eco-briefs | Week of March 6

Growing Gardens instructor Tracy Bellehumeur
Photo courtesy of Growing Gardens


You can do more than just thank the bees for that apple. Apples require the cross pollination provided by bees to yield producing seeds. If more people put beekeeping practices, obtained from classes like ones provided by Growing Gardens, to good use, they could help prevent bee populations from diminishing to the point where crops reliant on this pollinator no longer make it to the kitchen table.

Growing Gardens, a Boulder-based nonprofit organization whose mission is to enrich the lives of those in the community through sustainable urban agriculture, is offering its beekeeping class series from March to October for the seventh year in a row. The classes are meant for both beginners and current bee-keeping enthusiasts, and provide hands-on experience that teaches participants organic honeybee colony care, honey harvesting and wax processing.

Researchers estimate that nearly one-third of all honeybee colonies have vanished due to Colony Collapse Disorder, according to the National Resource Defense Council. Honeybees affected by the disorder get disoriented, don’t return to the colony and eventually die. Researchers have blamed pesticides and global warming for the disorder, but are still uncertain of the true cause.

“Our agricultural practices, and even some of our bee practices, of adding chemicals to hives to treat for pests and diseases are causing the collapse of bees,” says Tracy Bellehumeur, instructor for Growing Gardens’ beekeeping program. “In the end, I believe our bees’ ability to cope with pests and disease will come from their own evolution, and that the more backyard beekeepers we have that use natural methods, the more able the bees will be able to adapt.”                                                       


The high demand of palm oil has caused a rapid growth of palm oil mills in developing nations of the tropics, like Malaysia and Indonesia. A new study has determined that deforestation is not the only environmental impact created by this rapid growth. The escape of climate-affecting methane gas from palm oil processing waste is a substantial contributor as well.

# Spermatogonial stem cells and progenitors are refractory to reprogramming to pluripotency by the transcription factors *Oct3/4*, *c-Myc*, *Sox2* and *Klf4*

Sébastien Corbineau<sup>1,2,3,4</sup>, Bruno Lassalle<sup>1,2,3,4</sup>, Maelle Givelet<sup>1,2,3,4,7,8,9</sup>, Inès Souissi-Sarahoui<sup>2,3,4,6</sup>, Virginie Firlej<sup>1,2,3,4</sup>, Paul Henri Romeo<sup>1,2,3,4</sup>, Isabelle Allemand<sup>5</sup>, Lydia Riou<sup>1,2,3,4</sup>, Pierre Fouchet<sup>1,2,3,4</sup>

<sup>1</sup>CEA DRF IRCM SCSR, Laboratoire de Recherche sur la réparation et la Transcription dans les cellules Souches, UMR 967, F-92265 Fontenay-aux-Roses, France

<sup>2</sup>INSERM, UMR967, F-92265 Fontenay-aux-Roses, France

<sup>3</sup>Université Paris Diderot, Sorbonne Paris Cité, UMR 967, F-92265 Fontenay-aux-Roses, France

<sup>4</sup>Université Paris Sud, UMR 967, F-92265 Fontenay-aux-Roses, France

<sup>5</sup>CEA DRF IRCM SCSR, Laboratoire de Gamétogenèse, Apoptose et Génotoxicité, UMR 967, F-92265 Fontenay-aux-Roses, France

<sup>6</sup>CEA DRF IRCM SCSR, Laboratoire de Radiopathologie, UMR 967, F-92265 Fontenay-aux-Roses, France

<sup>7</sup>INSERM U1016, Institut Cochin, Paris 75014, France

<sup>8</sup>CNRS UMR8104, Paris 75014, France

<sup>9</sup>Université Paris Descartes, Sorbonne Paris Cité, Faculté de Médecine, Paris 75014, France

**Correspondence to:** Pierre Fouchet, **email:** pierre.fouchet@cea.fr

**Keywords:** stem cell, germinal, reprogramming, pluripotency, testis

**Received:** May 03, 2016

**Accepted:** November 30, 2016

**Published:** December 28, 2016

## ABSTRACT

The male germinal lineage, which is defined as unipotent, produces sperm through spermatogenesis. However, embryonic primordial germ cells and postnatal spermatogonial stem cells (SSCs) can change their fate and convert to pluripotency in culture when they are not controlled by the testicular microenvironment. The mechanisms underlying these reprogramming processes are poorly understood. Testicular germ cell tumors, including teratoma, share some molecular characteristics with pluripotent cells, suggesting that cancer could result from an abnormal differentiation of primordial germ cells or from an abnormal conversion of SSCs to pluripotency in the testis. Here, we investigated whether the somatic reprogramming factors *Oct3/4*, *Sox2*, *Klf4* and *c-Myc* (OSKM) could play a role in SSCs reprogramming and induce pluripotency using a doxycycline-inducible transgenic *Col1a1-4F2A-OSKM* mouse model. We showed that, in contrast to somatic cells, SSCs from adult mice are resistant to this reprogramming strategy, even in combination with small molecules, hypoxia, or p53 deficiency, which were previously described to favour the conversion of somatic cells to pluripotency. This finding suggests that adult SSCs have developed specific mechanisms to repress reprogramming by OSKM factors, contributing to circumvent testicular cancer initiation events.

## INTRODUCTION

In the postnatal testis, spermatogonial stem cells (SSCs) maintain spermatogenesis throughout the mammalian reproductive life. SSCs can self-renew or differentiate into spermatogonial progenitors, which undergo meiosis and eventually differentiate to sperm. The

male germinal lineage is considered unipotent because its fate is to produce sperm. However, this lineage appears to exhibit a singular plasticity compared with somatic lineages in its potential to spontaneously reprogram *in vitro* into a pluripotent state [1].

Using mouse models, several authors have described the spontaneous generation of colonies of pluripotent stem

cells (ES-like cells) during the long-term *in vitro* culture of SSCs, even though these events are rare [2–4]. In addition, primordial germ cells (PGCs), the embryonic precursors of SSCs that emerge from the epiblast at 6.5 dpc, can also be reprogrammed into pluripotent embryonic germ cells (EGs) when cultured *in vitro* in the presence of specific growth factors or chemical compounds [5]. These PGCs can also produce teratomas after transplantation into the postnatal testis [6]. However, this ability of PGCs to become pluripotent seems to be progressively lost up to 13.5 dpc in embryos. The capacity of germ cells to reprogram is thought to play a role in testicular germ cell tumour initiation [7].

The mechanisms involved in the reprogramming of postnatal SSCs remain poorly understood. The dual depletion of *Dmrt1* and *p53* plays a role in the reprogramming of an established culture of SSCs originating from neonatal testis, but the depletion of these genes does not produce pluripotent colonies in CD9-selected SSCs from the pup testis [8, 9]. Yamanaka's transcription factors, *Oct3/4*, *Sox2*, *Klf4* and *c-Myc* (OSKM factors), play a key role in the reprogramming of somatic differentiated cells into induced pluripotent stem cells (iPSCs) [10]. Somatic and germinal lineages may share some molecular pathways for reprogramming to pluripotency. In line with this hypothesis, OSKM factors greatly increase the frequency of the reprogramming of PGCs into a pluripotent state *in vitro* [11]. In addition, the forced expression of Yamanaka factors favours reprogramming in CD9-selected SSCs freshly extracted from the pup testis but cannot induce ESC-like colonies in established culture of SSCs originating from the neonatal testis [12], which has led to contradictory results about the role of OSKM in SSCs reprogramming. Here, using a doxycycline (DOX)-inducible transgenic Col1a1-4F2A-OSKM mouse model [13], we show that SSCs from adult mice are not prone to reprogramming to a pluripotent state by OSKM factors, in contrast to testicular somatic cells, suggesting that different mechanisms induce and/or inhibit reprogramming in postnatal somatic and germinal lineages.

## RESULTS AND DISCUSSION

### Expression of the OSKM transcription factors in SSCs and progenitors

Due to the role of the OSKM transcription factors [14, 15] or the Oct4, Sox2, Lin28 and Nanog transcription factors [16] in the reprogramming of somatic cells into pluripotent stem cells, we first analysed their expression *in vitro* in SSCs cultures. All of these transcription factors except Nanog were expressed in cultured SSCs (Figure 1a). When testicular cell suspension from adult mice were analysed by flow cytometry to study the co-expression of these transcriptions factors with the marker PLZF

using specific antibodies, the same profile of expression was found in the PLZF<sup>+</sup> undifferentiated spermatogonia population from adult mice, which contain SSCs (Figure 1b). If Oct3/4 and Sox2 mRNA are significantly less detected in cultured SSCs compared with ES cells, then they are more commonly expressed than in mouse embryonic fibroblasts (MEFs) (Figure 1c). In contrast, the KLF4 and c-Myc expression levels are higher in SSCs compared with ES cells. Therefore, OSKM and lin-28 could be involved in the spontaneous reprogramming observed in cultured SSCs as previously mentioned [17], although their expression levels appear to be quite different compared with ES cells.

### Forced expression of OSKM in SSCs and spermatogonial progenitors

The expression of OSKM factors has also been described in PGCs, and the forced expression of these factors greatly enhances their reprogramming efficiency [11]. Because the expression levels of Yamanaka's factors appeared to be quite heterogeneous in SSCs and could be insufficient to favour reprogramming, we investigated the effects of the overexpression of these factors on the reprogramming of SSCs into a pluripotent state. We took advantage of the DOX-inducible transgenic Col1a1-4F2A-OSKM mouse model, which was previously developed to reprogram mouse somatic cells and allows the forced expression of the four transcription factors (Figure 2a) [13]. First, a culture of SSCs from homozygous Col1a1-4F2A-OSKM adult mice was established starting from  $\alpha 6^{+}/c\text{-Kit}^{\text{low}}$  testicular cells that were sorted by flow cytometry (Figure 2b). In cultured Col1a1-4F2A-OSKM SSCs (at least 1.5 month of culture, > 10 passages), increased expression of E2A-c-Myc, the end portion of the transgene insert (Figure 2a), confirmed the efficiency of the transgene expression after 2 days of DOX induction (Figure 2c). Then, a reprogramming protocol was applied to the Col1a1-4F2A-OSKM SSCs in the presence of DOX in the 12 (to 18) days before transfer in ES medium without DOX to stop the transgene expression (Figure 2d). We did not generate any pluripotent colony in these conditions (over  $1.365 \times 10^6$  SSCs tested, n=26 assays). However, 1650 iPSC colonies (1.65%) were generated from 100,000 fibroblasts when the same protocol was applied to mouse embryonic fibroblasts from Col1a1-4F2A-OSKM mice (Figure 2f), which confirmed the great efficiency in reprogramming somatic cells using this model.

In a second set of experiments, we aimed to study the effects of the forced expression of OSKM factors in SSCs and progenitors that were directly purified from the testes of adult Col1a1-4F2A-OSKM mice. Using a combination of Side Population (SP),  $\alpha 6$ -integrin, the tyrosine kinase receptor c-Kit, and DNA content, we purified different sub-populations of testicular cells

Forty percent of the greenhouse gas emissions created by the development and operation of these mills comes from the methane gas that seeps out of the waste lagoons created by the palm oil mills, according to Philip Taylor, a postdoctoral researcher at the University of Colorado Boulder’s Institute of Arctic and Alpine Research and one of the authors of the study.

The study, published Feb. 26 in the journal Nature Change Climate, indicated that mitigating the methane gas impact by converting it into a reusable fuel would assist palm oil mills in becoming more sustainable. According to the study, “Palm Oil Wastewater Methane Emissions and Bioenergy Potential,” the amount of methane gas produced, but uncollected, from the palm oil waste last year could have provided Malaysia with a quarter of its energy needs. But only 5 percent of the mills globally are using the methane waste as a renewable energy.

“There has been a lot of research on single locations, the methane emissions at a single palm oil mill, but it’s never been put into a global scale,” Taylor says. “The study shows how it’s a major source of methane that’s really not being fully appreciated.”

There are currently no stiff regulations or financial incentives to catalyze the rapid capture of the methane gas, according to Taylor.

He says he hopes that attention to the study and pressure from organizations like Roundtable for Sustainable Palm Oil will help facilitate a change in these mills that will create a sustainable industry that causes less climate damage and creates more social and economic benefits.